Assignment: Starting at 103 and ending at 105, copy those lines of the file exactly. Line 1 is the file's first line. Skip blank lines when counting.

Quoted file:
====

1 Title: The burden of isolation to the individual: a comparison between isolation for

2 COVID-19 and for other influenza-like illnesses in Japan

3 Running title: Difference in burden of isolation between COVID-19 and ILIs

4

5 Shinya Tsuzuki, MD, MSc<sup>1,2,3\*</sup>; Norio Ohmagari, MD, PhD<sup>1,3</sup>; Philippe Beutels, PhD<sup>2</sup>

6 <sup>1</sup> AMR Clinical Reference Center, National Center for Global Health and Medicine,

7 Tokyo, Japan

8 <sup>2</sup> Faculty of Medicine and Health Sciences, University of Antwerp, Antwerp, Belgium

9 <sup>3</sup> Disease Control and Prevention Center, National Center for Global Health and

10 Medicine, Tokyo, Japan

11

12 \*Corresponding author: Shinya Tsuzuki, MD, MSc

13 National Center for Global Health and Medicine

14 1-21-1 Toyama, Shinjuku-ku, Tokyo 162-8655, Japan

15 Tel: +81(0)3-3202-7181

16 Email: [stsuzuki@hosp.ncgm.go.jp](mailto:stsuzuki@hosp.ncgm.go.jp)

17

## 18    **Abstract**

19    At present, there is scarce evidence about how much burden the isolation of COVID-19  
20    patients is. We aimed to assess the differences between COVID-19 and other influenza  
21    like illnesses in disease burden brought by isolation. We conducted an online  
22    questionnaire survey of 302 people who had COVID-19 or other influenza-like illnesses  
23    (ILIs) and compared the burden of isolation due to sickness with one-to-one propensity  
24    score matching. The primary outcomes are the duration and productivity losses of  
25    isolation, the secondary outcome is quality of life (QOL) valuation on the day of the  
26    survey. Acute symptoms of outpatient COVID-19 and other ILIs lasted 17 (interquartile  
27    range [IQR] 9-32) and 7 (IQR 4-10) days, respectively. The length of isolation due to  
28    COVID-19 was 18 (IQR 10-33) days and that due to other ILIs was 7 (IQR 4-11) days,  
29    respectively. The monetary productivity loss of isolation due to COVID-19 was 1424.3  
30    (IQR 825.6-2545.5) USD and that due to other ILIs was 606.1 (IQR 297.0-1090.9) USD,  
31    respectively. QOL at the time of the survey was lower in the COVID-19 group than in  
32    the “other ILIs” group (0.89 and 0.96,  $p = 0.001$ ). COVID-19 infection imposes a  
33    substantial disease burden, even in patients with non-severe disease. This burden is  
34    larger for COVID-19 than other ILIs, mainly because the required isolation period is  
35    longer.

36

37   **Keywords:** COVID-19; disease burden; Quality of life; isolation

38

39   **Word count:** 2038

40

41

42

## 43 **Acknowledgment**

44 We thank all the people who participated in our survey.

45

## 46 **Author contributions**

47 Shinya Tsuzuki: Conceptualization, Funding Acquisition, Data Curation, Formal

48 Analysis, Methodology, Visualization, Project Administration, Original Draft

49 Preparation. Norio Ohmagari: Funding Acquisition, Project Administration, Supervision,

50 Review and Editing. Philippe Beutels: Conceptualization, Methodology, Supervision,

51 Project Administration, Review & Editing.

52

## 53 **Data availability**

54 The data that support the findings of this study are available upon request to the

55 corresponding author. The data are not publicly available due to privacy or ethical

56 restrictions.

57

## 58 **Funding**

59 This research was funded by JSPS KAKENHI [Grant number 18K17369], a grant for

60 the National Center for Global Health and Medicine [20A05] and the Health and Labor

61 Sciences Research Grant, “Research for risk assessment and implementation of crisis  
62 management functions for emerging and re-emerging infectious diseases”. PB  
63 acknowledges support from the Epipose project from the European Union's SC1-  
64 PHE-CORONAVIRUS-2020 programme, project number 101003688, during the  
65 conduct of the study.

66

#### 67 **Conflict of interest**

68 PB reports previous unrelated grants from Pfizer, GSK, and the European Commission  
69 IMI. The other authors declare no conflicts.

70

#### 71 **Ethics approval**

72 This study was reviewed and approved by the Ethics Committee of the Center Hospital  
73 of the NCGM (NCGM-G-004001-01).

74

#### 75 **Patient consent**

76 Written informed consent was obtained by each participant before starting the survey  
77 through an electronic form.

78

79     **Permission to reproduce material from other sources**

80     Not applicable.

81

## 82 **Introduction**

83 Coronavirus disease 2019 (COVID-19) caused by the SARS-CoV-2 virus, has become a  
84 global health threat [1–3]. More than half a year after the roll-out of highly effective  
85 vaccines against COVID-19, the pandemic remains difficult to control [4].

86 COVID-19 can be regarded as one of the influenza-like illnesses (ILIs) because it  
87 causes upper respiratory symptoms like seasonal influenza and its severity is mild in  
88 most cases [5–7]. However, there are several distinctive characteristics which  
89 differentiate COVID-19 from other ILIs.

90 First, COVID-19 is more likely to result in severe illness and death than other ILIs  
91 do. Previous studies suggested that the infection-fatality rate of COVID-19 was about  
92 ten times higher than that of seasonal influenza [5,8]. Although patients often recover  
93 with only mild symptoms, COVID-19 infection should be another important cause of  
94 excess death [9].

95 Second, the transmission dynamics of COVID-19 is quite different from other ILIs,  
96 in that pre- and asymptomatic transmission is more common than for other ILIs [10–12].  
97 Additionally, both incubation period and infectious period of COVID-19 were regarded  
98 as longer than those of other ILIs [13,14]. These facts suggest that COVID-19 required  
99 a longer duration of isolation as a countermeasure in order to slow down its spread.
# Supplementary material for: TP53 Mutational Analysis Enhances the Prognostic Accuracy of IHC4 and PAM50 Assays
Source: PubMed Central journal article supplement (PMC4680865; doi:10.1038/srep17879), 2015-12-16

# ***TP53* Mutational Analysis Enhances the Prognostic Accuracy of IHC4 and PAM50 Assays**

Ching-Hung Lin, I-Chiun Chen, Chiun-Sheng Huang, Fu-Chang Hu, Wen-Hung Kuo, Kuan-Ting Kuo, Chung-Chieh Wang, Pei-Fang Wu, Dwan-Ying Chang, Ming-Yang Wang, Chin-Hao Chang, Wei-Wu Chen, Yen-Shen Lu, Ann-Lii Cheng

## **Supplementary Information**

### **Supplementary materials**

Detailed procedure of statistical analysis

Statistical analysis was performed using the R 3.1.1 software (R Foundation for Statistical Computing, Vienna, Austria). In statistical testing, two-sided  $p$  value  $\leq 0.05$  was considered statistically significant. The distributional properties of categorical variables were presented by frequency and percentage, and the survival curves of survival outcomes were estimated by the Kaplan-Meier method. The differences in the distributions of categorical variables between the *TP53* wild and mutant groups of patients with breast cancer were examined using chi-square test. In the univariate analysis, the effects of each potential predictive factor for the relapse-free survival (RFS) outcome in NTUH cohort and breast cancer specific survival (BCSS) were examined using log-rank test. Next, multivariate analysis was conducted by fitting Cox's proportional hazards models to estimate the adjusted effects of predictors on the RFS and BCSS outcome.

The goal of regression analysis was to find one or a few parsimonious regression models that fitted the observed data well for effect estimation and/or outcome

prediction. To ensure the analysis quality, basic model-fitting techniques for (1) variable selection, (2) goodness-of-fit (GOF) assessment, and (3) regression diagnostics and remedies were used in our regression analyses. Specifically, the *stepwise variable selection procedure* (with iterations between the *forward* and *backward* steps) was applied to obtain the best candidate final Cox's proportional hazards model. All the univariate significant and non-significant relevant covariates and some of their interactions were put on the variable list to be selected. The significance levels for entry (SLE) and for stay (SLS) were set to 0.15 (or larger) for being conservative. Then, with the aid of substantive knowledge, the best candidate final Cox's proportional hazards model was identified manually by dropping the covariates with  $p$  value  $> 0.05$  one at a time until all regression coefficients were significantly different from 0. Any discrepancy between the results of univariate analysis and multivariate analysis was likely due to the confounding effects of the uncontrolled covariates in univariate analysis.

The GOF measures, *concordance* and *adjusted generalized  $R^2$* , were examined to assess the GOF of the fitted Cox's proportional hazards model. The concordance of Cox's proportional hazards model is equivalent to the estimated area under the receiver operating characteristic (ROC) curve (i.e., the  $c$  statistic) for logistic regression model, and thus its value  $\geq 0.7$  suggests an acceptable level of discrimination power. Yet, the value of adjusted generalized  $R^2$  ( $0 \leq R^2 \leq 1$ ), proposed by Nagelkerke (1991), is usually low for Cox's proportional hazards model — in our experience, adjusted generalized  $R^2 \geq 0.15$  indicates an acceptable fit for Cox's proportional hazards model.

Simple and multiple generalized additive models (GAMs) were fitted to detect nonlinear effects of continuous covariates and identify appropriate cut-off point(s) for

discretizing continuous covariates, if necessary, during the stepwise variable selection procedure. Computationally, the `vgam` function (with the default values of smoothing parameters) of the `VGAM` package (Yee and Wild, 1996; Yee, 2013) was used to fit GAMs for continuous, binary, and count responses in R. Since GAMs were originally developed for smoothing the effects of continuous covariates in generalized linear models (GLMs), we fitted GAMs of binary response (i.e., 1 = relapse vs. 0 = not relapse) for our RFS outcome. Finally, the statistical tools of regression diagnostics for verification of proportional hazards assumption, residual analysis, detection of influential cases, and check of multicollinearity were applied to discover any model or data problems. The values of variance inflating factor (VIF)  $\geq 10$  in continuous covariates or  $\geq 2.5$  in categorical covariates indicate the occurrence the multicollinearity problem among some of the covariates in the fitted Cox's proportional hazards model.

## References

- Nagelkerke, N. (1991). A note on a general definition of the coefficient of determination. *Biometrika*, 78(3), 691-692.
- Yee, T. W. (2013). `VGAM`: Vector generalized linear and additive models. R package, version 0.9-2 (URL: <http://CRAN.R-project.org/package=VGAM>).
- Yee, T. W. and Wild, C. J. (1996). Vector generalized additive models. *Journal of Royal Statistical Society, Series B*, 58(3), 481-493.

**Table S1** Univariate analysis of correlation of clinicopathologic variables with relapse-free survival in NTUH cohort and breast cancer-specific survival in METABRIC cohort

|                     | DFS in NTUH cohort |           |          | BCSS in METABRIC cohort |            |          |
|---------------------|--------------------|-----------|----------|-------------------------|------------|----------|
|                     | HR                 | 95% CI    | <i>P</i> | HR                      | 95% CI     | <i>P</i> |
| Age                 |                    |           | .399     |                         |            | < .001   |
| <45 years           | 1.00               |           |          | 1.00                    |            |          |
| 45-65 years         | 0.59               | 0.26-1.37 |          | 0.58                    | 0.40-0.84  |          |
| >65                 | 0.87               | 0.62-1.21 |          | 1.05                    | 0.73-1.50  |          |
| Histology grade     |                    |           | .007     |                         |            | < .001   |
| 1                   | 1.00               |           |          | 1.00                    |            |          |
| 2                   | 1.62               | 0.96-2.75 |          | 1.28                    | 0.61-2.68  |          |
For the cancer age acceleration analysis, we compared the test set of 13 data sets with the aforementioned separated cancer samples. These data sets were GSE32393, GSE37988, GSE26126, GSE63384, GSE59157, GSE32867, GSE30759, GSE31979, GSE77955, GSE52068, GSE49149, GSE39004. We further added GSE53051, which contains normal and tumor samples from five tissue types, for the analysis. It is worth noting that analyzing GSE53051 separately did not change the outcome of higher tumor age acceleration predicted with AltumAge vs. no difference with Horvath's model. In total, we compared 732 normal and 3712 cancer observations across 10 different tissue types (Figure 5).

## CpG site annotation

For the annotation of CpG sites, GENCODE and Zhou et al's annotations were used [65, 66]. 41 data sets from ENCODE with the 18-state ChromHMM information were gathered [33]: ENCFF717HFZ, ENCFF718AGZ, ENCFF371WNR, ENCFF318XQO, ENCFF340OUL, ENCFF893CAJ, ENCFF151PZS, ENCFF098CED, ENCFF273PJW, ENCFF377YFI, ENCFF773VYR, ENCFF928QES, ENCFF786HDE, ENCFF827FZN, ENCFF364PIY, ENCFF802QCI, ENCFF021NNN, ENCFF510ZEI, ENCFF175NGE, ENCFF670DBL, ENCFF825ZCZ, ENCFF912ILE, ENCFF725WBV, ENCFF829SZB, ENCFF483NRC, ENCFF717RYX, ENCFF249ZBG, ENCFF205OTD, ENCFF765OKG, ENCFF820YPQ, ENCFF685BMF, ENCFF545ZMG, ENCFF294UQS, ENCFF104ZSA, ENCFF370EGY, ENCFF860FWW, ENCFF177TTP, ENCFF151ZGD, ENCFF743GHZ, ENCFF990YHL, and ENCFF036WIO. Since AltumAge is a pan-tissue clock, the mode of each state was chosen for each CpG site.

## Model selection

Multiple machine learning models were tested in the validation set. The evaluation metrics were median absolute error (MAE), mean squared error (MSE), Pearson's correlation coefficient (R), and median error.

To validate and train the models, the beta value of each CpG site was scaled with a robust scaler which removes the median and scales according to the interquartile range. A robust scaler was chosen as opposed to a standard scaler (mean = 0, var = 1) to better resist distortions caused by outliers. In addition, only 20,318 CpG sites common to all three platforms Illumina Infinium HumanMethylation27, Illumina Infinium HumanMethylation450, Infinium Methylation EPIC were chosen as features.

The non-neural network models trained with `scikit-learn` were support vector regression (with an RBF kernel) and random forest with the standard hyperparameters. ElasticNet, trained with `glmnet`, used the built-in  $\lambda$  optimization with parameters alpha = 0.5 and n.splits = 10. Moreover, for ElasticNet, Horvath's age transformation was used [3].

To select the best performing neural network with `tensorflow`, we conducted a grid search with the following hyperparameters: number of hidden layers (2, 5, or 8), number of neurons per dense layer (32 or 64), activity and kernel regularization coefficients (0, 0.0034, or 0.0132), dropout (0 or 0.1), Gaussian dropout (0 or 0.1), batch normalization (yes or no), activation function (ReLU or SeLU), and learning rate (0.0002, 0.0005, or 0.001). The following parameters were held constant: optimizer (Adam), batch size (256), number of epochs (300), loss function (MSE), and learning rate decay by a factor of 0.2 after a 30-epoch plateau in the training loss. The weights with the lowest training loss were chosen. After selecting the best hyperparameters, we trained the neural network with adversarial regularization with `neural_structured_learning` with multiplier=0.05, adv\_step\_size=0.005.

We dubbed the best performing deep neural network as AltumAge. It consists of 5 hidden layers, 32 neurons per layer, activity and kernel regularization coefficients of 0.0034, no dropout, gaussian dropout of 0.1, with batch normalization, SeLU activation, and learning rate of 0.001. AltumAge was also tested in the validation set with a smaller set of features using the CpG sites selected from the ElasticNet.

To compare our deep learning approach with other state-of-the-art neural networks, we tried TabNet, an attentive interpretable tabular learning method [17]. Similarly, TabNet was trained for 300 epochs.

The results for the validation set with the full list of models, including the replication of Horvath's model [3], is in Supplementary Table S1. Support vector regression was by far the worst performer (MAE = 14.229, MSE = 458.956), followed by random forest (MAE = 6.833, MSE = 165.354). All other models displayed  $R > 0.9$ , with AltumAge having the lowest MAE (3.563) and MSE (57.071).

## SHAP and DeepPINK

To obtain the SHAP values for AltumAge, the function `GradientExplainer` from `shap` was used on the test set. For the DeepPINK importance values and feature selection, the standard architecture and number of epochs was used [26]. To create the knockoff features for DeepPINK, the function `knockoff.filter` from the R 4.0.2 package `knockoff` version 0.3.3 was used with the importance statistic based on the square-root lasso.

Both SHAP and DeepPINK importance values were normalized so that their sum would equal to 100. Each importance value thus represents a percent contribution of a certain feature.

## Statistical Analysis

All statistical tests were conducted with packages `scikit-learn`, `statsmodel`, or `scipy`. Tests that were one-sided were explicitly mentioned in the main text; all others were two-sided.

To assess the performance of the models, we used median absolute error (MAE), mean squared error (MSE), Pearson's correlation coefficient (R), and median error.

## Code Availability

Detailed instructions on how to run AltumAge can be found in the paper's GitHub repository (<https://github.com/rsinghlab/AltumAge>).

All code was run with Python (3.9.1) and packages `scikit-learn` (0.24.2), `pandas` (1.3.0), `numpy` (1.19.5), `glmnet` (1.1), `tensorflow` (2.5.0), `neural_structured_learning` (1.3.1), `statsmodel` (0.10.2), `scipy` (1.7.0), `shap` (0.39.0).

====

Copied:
Ching-Hung Lin, I-Chiun Chen, Chiun-Sheng Huang, Fu-Chang Hu, Wen-Hung Kuo, Kuan-Ting Kuo, Chung-Chieh Wang, Pei-Fang Wu, Dwan-Ying Chang, Ming-Yang Wang, Chin-Hao Chang, Wei-Wu Chen, Yen-Shen Lu, Ann-Lii Cheng

## **Supplementary Information**

### **Supplementary materials**